For most of the way the route sticks to the Eastern Channel of the river, its summer shipping lanes marked by navigation beacons that stand above the shallow marshes and mudflats that sprawl across the delta, which in winter is just one continuous expanse of snow and ice. We passed isolated log cabins, a deserted village where reindeer had first been introduced into Canada and then an old military 'early warning' base, its defensive benefits superseded by satellites and anti-missile systems.
We had started our drive tentatively enough but after a few days on ice and snow covered roads we were beginning to feel a lot more confident. The tyres were running white across their whole tread pattern indicating there was maximum contact with the snow or ice, while our driving technique was slow and steady with a minimum of braking.
The ice road itself was relatively easy to drive on - the speed limit is 70kph but we cruised a little faster on the good sections - meaning those covered with a little snow, which improves traction. The outside temperature was down around -17°C, which means the ice is pretty good - dry and not so slippery. When the weather begins to warm up to between -10 and -5°C the sun melts the top-most layer and it becomes very slippery. Still we tried to stay away from the bare 'glare ice' as our guide, Gerry called it - we'd call it 'blue ice', but you get the idea.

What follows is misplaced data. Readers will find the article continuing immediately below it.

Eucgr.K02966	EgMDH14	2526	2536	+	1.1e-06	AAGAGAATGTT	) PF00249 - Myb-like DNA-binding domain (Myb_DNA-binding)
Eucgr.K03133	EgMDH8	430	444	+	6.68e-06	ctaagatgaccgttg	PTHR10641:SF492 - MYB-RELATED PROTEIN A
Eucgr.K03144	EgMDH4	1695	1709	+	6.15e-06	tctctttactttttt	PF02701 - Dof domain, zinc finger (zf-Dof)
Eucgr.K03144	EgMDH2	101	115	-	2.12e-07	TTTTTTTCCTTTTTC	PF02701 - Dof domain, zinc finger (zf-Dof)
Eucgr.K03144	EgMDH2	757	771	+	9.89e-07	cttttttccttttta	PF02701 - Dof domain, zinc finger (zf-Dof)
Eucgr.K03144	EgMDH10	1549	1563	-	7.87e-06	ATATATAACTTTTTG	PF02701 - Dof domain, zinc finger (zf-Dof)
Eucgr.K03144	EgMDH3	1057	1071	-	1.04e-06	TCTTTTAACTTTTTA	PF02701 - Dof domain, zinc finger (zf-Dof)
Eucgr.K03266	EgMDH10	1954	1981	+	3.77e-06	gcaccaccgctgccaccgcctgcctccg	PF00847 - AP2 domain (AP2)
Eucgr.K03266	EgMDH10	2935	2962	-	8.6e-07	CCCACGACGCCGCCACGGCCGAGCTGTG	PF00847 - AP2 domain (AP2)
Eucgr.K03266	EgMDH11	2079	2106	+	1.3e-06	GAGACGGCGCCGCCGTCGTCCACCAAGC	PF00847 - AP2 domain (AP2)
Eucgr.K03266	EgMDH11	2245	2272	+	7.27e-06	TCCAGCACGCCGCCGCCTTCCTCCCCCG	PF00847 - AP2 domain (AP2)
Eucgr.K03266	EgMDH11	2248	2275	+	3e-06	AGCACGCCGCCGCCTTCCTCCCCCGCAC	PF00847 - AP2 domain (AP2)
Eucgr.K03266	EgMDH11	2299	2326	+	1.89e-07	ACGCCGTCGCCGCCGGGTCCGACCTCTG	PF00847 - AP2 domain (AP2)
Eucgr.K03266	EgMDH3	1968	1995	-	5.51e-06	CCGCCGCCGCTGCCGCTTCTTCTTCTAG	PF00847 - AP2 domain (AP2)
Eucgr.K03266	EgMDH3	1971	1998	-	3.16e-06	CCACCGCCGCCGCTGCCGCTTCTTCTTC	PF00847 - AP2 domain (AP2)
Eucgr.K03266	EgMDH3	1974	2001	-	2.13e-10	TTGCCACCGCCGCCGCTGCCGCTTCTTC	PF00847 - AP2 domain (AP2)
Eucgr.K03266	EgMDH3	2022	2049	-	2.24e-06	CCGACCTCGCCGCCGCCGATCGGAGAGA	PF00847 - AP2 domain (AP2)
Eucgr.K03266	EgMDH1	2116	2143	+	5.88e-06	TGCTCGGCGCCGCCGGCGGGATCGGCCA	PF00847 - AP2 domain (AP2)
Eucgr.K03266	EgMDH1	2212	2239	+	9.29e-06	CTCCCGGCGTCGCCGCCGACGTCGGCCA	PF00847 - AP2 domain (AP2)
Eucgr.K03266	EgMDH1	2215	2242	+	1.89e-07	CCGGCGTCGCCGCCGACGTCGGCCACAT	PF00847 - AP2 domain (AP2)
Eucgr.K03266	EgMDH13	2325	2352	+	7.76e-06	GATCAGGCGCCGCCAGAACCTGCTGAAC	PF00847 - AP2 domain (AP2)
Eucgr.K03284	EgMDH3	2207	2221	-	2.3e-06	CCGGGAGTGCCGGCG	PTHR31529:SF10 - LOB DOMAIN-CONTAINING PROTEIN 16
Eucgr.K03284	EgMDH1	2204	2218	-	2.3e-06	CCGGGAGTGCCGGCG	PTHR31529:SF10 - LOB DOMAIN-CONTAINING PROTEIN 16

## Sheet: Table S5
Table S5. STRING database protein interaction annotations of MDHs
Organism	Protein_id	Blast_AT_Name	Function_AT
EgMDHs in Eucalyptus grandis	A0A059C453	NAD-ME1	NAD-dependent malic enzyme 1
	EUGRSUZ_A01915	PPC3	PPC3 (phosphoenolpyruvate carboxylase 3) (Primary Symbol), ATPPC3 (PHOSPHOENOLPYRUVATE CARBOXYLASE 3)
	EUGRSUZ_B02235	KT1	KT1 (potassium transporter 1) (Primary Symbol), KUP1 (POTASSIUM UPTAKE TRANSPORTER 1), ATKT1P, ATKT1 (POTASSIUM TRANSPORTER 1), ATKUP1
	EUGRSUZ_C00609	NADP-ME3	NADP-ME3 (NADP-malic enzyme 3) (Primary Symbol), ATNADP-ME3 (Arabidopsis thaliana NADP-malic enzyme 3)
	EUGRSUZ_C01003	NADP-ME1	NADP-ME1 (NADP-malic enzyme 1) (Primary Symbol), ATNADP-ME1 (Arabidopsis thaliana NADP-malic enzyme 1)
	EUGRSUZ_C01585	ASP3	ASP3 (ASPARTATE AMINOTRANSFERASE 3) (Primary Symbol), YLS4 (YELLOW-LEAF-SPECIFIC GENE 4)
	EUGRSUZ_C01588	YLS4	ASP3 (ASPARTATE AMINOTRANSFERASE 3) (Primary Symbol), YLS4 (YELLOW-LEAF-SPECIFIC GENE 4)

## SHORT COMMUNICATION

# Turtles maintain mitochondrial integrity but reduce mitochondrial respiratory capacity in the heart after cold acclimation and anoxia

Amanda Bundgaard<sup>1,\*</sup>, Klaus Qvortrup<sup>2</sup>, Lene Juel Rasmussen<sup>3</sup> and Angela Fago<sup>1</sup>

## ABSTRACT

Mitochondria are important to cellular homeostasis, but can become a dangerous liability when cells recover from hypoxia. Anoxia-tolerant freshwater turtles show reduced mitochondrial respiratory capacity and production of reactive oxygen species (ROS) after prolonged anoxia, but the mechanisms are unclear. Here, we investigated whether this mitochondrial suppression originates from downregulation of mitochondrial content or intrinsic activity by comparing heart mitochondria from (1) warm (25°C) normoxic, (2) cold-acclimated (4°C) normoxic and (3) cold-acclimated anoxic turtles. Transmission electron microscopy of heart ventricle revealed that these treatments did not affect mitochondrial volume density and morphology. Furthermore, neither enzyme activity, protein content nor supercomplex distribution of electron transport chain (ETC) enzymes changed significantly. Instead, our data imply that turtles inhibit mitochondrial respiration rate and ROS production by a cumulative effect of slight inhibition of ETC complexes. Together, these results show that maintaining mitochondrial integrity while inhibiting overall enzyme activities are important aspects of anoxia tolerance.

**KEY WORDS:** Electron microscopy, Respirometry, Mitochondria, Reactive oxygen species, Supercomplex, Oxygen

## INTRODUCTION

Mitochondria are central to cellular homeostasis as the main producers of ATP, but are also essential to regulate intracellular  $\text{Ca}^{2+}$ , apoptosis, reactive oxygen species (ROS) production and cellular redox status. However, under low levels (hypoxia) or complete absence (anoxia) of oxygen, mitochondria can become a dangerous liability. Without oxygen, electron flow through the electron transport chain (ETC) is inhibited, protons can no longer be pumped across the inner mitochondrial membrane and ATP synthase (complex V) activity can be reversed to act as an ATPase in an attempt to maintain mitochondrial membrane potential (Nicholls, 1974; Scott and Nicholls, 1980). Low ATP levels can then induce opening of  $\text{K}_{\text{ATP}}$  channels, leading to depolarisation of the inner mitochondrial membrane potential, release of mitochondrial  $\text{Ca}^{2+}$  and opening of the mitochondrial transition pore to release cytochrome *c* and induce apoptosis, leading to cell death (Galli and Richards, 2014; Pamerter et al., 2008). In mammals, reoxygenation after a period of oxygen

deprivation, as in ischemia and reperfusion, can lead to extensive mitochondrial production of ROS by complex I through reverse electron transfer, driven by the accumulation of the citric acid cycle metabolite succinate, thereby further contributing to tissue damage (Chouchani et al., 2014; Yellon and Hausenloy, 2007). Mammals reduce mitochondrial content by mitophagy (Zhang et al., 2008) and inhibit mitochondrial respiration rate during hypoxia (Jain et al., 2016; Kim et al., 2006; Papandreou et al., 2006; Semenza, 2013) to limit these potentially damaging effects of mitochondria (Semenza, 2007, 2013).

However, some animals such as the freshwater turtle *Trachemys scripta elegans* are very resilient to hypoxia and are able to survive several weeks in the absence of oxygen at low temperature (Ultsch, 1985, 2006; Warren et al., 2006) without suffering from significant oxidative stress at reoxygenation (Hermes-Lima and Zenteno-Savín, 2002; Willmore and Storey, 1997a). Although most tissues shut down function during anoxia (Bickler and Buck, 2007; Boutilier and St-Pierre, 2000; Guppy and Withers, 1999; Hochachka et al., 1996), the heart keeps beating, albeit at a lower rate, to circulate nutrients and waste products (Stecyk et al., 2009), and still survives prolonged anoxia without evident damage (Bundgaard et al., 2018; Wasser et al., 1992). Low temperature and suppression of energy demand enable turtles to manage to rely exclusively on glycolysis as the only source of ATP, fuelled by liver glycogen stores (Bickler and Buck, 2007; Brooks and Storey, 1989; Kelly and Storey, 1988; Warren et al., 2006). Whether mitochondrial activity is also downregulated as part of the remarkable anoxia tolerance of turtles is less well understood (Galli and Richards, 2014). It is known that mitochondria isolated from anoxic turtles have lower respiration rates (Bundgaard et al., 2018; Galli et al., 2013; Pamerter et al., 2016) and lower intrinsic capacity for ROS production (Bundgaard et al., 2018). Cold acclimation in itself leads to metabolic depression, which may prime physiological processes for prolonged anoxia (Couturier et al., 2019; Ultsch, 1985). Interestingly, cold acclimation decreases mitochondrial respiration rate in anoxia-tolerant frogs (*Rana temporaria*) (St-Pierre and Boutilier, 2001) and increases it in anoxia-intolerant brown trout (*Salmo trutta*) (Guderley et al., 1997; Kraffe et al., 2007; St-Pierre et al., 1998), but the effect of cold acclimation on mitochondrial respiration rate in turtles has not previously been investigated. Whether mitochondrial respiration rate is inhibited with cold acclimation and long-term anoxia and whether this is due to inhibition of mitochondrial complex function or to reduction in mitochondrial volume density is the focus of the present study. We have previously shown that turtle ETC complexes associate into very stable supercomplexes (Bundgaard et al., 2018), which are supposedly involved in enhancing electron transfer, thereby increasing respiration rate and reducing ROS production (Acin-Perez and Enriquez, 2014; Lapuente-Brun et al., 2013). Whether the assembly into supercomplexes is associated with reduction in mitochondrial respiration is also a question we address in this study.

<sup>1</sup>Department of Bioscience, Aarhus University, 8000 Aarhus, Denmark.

As we pushed on to Tuk - Tuktoyaktuk - we travelled about 500-1000 metres offshore, the road twisting this way and that to keep on the thickest ice. It was strange to be in the middle of a shipping channel with the navigation leads on each major turn.
The ice was about 2-3 metres thick when we drove it, but when the road is first graded it is just 60cm or more thick and only capable of supporting a pick-up. They grade the whole road and especially the rough sections and flood sections which need a build up of ice, working it up so they can carry the required 32 tonne. It made us feel better, knowing our vehicles only weighed 4-5 tonne!
All too soon we had to head south, the road and weather having deteriorated since our northward journey but the cars behaved faultlessly and it was an easy run back to Dawson and then to Whitehorse. Our High Arctic, Ice Road adventure was over but it'll be a long time before any of us forget it!
Best Time to GoMarch and early April are by far the best times to go to drive the Ice Roads. For the best road info go to: http://www.dot.gov.nt.ca/ - and search for 'Road Conditions'.
Hiring Gear and VehiclesWhitehorse is really the only place you can hire vehicles and cold weather survival gear for such a trip. There are a number of providers in the town and for our Chevy vehicles we used the very professional, Driving Force; see: www.drivingforce.ca.